In order to facilitate collaboration and data sharing, it is essential that standard vocabularies and common data elements be used across studies. A nutritional ontology has been developed that integrates into the Thesaurus of the National Cancer Institute (NCI). The project is part of the NCI Cancer Biomedical Informatics Grid (caBIG™) initiative to build an informatics infrastructure to connect data, research tools, scientists, and organizations. Several agencies provide useful information about dietary components. In particular, the US Department of Agriculture has developed databases with information on specific dietary components and their composition in foods. The International Network of Food Data Systems (InFoods) of the United Nations Food and Agriculture Organization provides an administrative framework for the development of standards and guidelines for collection, compilation, and reporting of food component data. Other resources include the NCI Office of Dietary Supplements and Nutritional Science Research Group, the International Union of Pure and Applied Chemistry, and general nutrition books. However, there was no unified set of definitions for dietary components, with links to these sources. Our project developed a vocabulary that includes a list of commonly analyzed nutrients and other dietary components, with definitions, units and interrelationships between items. In addition, properties, such as the USDA nutrient number, the InFoods TAGNAME, and whether the component has a dietary recommendation, were added. The ontology focuses on dietary components found in food and is structured under a hierarchical tree called “Bioactive Food Component”. This tree includes macronutrients, such as dietary alcohol, carbohydrates, lipids, proteins and all subcomponents; micronutrients, such as dietary minerals and vitamins; and other components, such as dietary fiber, lignans, non-starch polysaccharides, caffeine, flavonoids, heterocyclic aromatic amines, nitrosamine, isoflavonoids, energy and ash. Several challenges were encountered. Definitions had to be developed for superconcepts such as macronutrient that would hold for all of the subconcepts. Additionally, dietary fiber is considered a carbohydrate by some but not all nutritionists, and there is no general consensus on which dietary components have antioxidant properties. Advice from the NCI Enterprise Vocabulary System (EVS) group and our advisory committee of nutritional researchers was essential in developing the nutritional ontology. The final vocabulary will serve as a resource where researchers can unambiguously identify the dietary components under study and can search for dietary components that are included in a specific class, such as short chain fatty acids. In addition, new research studies will be to use the concepts (or NCI concept codes) to declare the definitions in use and thus help make the resulting study data more interoperable.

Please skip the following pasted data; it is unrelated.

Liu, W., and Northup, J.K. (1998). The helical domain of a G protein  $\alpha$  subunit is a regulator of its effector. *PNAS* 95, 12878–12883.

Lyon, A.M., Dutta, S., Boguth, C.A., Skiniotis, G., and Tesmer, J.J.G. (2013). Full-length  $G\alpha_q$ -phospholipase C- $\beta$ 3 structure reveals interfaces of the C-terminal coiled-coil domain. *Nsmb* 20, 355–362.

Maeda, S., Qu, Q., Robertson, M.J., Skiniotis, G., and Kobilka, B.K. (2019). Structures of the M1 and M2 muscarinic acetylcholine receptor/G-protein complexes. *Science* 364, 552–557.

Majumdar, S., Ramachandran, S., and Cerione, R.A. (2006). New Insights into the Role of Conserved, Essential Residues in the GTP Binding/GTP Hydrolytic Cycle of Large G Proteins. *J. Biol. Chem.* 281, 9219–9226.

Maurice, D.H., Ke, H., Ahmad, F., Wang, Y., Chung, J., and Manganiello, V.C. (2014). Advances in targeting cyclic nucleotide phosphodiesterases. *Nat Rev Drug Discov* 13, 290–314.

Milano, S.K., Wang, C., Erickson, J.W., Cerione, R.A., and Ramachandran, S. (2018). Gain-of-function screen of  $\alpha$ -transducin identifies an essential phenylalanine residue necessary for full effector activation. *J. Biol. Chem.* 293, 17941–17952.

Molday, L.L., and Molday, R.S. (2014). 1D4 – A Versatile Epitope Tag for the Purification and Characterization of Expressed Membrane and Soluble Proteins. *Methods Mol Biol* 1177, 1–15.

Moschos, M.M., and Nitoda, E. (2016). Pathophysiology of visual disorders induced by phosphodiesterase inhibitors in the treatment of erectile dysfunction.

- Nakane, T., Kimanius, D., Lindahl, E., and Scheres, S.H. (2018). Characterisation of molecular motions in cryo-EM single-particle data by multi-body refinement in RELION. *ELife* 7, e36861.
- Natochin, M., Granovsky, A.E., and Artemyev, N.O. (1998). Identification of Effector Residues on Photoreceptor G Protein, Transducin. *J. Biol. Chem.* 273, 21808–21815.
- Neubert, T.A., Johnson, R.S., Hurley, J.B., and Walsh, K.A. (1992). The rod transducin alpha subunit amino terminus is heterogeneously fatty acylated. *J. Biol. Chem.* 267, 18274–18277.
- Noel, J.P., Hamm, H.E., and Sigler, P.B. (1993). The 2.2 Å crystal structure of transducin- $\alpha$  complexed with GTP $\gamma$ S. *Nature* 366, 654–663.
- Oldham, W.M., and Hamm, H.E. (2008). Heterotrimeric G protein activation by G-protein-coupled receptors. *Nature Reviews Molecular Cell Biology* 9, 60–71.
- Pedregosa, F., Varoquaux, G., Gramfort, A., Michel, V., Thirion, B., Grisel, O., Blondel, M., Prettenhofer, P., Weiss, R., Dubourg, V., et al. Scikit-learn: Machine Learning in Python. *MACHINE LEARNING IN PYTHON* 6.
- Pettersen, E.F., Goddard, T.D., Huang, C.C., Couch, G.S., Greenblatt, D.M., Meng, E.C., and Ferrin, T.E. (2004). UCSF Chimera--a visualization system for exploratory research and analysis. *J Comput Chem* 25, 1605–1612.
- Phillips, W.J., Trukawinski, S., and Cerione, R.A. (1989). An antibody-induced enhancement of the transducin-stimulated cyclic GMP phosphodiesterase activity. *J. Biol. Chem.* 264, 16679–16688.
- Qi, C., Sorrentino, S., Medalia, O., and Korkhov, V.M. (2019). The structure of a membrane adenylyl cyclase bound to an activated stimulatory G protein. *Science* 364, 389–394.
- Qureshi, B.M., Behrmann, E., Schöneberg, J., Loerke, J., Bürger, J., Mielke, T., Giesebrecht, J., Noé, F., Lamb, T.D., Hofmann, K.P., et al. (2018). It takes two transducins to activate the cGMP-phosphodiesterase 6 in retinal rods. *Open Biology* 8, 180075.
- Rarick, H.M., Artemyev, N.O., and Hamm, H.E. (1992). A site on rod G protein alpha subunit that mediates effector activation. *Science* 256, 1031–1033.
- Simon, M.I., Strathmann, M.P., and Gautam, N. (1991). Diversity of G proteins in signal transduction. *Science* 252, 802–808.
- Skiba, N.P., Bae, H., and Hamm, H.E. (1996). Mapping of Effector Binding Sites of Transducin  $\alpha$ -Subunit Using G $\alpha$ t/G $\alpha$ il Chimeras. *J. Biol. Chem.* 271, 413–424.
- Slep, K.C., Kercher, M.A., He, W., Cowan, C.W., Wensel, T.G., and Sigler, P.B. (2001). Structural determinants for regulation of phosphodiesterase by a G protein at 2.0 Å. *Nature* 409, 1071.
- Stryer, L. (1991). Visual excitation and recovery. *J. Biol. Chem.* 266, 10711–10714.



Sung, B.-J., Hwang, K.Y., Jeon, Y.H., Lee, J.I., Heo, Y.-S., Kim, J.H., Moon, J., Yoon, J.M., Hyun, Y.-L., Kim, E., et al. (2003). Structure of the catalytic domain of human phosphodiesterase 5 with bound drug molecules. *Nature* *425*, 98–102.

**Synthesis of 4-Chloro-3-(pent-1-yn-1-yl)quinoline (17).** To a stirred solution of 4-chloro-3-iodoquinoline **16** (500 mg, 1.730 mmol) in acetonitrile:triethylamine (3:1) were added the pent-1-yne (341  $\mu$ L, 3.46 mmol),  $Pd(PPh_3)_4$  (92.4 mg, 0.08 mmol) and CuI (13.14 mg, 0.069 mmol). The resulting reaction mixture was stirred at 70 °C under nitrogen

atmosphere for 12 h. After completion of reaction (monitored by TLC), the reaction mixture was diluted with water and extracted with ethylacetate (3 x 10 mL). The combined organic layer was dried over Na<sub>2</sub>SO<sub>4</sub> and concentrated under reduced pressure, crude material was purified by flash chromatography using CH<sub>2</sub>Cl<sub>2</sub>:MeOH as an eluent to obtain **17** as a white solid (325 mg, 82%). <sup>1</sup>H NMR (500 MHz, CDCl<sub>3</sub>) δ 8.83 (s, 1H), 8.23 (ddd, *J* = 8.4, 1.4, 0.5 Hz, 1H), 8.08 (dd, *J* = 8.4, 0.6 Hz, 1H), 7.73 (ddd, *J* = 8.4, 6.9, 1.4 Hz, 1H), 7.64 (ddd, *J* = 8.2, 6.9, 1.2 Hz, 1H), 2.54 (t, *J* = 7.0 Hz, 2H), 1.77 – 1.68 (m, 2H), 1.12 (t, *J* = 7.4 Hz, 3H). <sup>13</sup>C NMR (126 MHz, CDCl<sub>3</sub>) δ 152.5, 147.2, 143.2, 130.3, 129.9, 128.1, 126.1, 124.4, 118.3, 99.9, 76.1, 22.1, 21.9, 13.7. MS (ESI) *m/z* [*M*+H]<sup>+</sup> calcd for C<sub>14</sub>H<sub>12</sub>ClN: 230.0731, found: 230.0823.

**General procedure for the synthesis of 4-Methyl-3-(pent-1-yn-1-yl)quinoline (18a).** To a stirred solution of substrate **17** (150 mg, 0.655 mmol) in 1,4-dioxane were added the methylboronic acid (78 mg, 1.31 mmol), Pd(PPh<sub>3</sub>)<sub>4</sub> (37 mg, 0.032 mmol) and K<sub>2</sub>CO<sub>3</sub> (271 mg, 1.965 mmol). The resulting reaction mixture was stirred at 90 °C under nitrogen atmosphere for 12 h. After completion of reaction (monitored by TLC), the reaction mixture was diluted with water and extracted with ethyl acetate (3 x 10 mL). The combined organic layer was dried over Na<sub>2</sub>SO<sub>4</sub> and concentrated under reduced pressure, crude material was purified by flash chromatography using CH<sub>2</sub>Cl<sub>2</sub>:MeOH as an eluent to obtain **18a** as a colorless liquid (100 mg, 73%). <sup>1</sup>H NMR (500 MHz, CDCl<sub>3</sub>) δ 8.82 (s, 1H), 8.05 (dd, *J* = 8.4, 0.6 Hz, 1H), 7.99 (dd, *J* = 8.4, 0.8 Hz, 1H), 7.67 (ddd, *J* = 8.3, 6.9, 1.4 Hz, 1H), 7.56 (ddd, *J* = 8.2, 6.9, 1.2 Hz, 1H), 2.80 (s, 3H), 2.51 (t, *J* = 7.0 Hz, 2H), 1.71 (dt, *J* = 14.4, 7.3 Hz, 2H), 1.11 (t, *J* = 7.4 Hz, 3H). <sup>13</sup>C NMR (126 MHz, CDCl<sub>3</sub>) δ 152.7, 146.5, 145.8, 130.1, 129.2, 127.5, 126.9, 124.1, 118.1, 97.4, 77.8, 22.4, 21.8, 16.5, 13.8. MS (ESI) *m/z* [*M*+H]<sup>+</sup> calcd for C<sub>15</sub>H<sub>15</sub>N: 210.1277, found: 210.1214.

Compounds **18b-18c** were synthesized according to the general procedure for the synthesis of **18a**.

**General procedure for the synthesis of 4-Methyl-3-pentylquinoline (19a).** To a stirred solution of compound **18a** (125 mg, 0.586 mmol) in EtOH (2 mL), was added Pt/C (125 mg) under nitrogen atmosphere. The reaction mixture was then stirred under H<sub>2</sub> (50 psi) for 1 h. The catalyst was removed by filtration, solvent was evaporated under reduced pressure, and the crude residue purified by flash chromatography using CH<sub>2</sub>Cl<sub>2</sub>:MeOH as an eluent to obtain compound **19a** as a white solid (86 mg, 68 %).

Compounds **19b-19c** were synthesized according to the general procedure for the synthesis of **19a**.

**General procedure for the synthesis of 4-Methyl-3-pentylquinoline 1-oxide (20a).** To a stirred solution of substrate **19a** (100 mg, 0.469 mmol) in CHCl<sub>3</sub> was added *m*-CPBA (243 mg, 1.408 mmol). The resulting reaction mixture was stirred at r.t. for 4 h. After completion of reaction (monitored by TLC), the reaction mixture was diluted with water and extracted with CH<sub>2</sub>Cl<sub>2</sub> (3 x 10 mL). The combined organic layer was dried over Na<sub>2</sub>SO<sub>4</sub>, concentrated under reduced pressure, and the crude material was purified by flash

[Proc Amer Assoc Cancer Res, Volume 47, 2006]